Friday, August 29, 2008
Bill Gould (Stanford emeritus and former Chair of NLRB) has just had published in Slate a proposal for labor law reform. As is no surprise, Gould's proposals are ambitious and never to be confused with orthodox thinking in the area. He notes the problems with "bad appointments" to the Board and long election delays, then proposes bipartisan (at least possible bipartisan) measures that might improve the NLRA--even under a stalemated political line-up, such as a President Obama and more than 40 Republican senators:
Secret ballots to resolve union representation rights are the way to go, and Obama should meet the Republicans halfway by saying so—and then add this all-important coda: Elections should continue only if the law ensures that voting is conducted expeditiously—for instance, within one or two weeks of the filing of a union's petition seeking recognition. This is the case in Canada, whereas in the United States, the resolution of union drives currently takes months and sometimes years. Quick elections are the key to meaningful reform because delay is the principal way in which labor law stacks the deck against employees. It allows employers to engage in one-sided anti-union campaigns of intimidation and coercion, with little possibility for remedy. . . . [U]ntil most of business moves toward [voluntarily expedited elections], Congress must make them address complaints quickly by imposing time limits for the NLRB is to issue a decision about whether to hold a union election or reinstate unlawfully dismissed workers. The agency's action on election disputes should be final and unappealable so that workers and management can get on with collective bargaining promptly. That there are no such mandates currently constitutes the heart of what ails American labor law.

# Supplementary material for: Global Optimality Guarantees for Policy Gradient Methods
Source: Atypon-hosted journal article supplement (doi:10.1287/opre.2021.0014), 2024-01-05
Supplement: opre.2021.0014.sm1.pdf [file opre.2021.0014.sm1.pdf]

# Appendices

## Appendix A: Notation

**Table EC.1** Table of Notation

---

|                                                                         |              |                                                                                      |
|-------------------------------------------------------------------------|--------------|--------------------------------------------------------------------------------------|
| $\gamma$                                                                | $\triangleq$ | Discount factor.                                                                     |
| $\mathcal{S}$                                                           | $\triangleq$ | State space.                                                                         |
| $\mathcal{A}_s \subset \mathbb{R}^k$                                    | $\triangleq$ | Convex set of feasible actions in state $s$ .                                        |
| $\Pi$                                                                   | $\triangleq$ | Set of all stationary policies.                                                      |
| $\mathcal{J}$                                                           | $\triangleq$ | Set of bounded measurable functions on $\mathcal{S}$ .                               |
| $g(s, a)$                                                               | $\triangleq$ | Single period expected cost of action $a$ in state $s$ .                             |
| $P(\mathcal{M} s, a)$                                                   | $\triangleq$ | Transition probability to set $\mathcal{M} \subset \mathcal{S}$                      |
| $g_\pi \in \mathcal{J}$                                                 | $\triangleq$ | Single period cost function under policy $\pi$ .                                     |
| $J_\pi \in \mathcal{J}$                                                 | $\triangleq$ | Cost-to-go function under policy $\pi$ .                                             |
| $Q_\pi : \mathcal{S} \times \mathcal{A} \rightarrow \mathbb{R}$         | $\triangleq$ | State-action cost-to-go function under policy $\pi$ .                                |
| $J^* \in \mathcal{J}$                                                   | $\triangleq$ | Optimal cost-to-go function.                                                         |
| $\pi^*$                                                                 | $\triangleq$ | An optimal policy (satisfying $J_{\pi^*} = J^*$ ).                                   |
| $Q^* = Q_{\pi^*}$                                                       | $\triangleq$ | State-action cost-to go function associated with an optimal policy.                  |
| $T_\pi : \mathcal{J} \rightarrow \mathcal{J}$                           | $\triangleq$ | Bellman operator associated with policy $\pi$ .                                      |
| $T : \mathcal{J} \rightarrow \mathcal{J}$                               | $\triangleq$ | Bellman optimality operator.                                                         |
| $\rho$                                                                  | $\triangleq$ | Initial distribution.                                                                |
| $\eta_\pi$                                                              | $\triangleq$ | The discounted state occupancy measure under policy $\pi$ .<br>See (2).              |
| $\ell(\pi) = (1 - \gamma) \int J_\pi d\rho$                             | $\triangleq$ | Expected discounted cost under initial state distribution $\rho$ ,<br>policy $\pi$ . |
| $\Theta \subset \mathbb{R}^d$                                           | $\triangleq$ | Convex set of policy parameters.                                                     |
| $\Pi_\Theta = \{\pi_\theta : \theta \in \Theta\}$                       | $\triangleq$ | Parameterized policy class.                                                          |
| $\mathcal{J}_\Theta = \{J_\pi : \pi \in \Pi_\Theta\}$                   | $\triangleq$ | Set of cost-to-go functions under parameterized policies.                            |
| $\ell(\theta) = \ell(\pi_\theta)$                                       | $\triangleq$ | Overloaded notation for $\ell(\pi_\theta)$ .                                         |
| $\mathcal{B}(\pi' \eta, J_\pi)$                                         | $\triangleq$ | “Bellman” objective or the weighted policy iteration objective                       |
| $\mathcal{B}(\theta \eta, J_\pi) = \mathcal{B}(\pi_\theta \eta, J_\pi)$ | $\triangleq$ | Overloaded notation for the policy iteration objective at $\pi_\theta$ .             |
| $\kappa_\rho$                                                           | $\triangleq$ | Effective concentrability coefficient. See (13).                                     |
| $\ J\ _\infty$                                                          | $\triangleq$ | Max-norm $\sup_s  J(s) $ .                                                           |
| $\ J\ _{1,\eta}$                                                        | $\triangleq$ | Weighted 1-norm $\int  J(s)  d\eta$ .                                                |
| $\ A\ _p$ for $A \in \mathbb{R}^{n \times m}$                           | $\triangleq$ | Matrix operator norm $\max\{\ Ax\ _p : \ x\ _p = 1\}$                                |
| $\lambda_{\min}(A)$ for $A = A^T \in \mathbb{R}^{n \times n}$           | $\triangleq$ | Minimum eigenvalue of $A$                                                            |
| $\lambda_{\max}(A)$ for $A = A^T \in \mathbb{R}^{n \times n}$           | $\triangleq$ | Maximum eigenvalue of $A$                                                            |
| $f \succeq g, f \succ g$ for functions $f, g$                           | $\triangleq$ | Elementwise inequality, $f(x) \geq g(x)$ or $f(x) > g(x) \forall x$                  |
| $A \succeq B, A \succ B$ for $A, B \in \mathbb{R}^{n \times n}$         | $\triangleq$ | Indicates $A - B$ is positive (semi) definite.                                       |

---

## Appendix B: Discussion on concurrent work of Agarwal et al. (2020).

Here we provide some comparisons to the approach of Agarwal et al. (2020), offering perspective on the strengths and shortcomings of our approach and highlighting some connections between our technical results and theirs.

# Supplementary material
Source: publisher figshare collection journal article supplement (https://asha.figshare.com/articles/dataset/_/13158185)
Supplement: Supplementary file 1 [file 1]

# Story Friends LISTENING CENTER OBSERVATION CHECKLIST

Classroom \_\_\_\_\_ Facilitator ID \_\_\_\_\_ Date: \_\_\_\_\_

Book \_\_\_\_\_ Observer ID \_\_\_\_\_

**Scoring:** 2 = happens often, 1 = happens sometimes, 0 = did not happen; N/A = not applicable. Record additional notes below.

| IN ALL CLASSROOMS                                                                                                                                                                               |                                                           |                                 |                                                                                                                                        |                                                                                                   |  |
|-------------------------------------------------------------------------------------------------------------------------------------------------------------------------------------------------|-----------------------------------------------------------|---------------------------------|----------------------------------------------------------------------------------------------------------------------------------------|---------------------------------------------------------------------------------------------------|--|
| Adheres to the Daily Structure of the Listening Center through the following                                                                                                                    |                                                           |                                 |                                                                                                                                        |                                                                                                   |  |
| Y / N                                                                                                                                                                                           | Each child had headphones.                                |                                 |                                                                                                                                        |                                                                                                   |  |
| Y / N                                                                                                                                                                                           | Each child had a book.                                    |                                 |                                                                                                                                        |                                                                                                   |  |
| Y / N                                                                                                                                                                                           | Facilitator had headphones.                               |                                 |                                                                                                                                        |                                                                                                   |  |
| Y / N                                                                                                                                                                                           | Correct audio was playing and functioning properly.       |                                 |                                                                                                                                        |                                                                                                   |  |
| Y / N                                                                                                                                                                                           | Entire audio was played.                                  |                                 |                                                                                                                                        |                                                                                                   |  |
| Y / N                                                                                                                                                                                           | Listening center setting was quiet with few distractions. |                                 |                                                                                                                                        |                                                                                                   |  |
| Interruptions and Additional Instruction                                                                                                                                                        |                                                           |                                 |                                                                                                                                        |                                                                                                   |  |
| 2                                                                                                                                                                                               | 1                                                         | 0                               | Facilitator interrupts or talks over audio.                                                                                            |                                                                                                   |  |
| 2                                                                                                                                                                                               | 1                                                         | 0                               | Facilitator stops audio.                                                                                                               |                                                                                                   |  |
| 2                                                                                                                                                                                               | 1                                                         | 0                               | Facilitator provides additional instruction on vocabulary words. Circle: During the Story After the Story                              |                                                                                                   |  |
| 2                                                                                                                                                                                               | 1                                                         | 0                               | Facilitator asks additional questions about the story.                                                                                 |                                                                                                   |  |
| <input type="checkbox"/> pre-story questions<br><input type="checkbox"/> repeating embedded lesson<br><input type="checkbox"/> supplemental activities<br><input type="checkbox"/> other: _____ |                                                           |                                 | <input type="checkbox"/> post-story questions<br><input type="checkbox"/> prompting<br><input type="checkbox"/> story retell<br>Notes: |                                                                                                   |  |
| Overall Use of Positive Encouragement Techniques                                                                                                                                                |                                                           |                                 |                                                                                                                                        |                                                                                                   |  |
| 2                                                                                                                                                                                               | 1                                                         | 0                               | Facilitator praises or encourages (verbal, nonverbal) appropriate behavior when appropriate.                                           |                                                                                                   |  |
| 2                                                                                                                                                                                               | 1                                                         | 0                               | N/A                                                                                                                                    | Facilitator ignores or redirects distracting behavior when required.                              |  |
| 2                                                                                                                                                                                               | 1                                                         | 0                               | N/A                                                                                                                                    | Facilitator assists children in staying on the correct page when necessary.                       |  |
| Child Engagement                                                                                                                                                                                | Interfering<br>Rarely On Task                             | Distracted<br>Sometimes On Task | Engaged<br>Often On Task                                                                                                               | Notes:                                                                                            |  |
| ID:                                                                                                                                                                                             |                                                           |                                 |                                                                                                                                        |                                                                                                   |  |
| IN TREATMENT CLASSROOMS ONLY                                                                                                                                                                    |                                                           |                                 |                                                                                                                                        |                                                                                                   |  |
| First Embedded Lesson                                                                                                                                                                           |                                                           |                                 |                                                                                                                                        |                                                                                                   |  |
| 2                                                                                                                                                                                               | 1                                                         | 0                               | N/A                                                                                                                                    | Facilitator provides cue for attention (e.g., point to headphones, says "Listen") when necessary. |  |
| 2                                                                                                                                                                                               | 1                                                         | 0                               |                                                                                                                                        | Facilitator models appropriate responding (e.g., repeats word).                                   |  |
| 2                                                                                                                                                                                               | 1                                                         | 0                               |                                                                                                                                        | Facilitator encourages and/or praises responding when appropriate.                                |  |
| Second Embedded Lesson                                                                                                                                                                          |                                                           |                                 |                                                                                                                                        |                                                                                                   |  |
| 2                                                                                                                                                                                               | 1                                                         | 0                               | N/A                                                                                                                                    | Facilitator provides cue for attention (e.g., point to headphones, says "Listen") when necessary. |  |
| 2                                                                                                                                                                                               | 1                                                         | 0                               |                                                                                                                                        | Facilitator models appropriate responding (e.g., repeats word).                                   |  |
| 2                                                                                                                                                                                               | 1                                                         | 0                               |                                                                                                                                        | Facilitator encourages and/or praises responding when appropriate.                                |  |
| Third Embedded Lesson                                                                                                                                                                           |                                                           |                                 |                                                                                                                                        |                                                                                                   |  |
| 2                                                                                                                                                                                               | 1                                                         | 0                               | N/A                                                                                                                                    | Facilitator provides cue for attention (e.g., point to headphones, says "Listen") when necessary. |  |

Other reforms are also needed. For instance, the law should provide that unions have the right to communicate and address employees on company property. Today, only employers may do so. The NLRB must also be given the authority to punish companies through fines that double or triple the amount of back pay owed to workers who are illegally dismissed or demoted. The law could also spur collective bargaining with a provision for arbitration if labor and management are unable to agree on their own.
Then there is the composition of the NLRB. A Democratic president, if we next have one, should make appointments that are freer from partisan pressure from either side than they have been during the past decades. At the moment, board members are frequently reluctant to act promptly, and thus avert the crisis for union recognition caused by delay, because of the fear that their vote will be unpopular and diminish their chances of being reappointed. This has been true in both Democratic and Republican administrations. The next president should address this weakness by recruiting nominees from all parts of the country, not just the Washington-insider circle that has come to dominate federal administrative agencies. Also, appointees should be limited to one eight-year term. In this way the very best people will come to Washington, willing, like Cincinnatus, to return to their homes when their appointment ends.
Gould's thoughts on elections, and his implicit criticism of EFCA, fits with my own view of that bill as a second-best solution to a real problem. I also like the notion that there are many reforms that--particularly as a package--may be acceptable to all parties and go far in improving the NLRA's ability to satisfy its goals. But I'm not holding my breath that it'll actually happen.